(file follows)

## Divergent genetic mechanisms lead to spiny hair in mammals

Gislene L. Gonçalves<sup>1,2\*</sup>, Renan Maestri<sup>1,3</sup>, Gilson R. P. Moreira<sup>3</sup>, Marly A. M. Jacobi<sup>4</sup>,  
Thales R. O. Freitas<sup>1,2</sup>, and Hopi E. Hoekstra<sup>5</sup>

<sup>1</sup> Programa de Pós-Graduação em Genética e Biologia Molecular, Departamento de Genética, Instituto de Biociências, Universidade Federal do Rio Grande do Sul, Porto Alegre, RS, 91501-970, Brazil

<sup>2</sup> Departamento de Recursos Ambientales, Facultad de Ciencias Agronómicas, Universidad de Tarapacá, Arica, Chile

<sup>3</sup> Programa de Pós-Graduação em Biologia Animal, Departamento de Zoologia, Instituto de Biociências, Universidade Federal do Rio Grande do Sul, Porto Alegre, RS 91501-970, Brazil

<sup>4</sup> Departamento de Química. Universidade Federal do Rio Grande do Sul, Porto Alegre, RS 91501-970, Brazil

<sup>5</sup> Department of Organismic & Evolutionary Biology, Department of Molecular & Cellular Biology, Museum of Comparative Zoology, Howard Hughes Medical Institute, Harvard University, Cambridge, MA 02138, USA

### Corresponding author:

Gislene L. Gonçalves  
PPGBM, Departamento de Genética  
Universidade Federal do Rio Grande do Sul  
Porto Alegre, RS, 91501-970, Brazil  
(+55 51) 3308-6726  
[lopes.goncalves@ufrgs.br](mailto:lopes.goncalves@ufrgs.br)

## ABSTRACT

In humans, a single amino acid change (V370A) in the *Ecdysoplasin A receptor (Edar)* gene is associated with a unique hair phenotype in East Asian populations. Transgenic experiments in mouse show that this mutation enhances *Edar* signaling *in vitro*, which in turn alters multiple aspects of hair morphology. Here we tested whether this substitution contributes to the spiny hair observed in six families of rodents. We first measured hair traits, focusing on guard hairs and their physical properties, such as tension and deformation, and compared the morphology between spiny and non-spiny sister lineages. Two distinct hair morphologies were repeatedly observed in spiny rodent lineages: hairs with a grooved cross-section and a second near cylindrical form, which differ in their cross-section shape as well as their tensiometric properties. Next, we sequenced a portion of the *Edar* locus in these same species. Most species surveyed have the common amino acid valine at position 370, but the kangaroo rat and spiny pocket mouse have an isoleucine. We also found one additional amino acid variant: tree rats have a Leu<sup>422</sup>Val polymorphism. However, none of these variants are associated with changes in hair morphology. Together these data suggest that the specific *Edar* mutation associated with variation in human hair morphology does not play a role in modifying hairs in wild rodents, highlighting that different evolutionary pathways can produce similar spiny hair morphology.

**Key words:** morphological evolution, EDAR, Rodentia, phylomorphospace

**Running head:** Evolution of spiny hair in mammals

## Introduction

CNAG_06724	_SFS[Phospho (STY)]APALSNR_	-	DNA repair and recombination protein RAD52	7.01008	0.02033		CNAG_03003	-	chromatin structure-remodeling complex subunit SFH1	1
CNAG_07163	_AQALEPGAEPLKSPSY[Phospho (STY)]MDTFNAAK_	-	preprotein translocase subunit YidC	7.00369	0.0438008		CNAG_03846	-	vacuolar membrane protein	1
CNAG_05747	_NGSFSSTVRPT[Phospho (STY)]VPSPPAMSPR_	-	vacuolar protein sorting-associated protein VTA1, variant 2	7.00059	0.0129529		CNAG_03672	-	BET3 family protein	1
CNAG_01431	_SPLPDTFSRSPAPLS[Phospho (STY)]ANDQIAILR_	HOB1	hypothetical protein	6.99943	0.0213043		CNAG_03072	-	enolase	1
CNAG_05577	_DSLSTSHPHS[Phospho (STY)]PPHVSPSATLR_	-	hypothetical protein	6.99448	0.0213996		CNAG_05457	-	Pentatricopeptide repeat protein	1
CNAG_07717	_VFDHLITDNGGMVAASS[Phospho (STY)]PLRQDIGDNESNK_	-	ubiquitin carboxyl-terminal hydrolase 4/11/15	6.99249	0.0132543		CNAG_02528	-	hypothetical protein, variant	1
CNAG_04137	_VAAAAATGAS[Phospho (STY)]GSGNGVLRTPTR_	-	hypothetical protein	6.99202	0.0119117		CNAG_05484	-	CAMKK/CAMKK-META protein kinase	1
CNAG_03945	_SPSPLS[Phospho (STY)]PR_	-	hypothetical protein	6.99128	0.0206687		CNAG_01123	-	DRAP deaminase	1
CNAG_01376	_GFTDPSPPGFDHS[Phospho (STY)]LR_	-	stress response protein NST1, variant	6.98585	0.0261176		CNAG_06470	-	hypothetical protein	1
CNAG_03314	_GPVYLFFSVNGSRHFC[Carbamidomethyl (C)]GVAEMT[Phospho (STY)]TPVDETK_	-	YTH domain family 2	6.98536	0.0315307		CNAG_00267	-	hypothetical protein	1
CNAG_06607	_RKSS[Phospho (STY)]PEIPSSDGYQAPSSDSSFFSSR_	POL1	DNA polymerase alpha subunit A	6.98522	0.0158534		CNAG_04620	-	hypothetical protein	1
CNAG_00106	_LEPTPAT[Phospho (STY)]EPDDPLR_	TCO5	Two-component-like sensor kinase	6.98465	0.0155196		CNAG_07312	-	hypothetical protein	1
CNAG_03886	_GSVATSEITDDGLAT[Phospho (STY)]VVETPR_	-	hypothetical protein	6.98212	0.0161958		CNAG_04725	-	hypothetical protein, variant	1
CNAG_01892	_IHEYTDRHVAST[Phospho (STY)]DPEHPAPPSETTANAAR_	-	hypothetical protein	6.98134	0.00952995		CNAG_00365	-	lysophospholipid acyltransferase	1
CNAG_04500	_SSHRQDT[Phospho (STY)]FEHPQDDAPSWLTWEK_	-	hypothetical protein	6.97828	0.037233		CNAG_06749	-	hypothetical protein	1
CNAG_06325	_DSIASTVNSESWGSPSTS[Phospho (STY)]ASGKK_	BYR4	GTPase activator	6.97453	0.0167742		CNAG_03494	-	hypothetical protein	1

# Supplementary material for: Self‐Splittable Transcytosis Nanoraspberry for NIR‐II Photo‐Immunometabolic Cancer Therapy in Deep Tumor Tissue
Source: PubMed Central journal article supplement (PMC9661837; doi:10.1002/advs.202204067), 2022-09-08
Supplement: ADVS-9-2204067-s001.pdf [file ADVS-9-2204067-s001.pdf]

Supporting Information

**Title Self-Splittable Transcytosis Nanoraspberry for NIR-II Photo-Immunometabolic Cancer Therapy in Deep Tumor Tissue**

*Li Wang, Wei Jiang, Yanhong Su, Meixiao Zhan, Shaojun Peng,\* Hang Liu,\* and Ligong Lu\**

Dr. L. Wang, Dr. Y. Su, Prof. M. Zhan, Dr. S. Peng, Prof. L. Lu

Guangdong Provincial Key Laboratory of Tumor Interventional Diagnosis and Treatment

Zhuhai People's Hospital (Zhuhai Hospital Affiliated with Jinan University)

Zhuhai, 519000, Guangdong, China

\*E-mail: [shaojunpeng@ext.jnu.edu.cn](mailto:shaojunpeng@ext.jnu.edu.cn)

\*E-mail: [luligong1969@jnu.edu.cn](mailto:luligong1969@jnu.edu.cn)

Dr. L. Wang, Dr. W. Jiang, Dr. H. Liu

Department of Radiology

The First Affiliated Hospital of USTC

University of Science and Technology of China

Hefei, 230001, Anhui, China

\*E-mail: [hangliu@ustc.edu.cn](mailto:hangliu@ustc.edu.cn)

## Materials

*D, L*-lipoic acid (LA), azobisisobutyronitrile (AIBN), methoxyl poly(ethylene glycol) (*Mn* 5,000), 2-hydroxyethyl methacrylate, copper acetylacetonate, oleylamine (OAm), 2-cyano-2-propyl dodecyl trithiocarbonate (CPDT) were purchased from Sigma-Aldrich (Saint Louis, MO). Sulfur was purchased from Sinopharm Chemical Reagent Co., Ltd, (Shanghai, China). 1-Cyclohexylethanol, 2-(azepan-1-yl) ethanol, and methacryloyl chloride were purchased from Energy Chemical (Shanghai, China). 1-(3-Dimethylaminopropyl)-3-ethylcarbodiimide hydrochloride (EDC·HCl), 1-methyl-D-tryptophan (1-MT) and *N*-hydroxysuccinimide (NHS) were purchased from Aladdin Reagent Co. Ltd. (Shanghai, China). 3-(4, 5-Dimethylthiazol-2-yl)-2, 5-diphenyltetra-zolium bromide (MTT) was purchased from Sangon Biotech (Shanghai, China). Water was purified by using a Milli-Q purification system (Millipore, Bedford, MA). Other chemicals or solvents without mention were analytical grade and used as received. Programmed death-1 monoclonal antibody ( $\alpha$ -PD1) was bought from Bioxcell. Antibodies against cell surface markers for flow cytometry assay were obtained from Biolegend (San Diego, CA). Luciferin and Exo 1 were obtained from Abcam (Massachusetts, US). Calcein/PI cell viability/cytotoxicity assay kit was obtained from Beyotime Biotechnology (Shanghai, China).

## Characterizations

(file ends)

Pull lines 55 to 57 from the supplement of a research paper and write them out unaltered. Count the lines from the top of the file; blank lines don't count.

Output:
## Materials

*D, L*-lipoic acid (LA), azobisisobutyronitrile (AIBN), methoxyl poly(ethylene glycol) (*Mn* 5,000), 2-hydroxyethyl methacrylate, copper acetylacetonate, oleylamine (OAm), 2-cyano-2-propyl dodecyl trithiocarbonate (CPDT) were purchased from Sigma-Aldrich (Saint Louis, MO). Sulfur was purchased from Sinopharm Chemical Reagent Co., Ltd, (Shanghai, China). 1-Cyclohexylethanol, 2-(azepan-1-yl) ethanol, and methacryloyl chloride were purchased from Energy Chemical (Shanghai, China). 1-(3-Dimethylaminopropyl)-3-ethylcarbodiimide hydrochloride (EDC·HCl), 1-methyl-D-tryptophan (1-MT) and *N*-hydroxysuccinimide (NHS) were purchased from Aladdin Reagent Co. Ltd. (Shanghai, China). 3-(4, 5-Dimethylthiazol-2-yl)-2, 5-diphenyltetra-zolium bromide (MTT) was purchased from Sangon Biotech (Shanghai, China). Water was purified by using a Milli-Q purification system (Millipore, Bedford, MA). Other chemicals or solvents without mention were analytical grade and used as received. Programmed death-1 monoclonal antibody ( $\alpha$ -PD1) was bought from Bioxcell. Antibodies against cell surface markers for flow cytometry assay were obtained from Biolegend (San Diego, CA). Luciferin and Exo 1 were obtained from Abcam (Massachusetts, US). Calcein/PI cell viability/cytotoxicity assay kit was obtained from Beyotime Biotechnology (Shanghai, China).

## Characterizations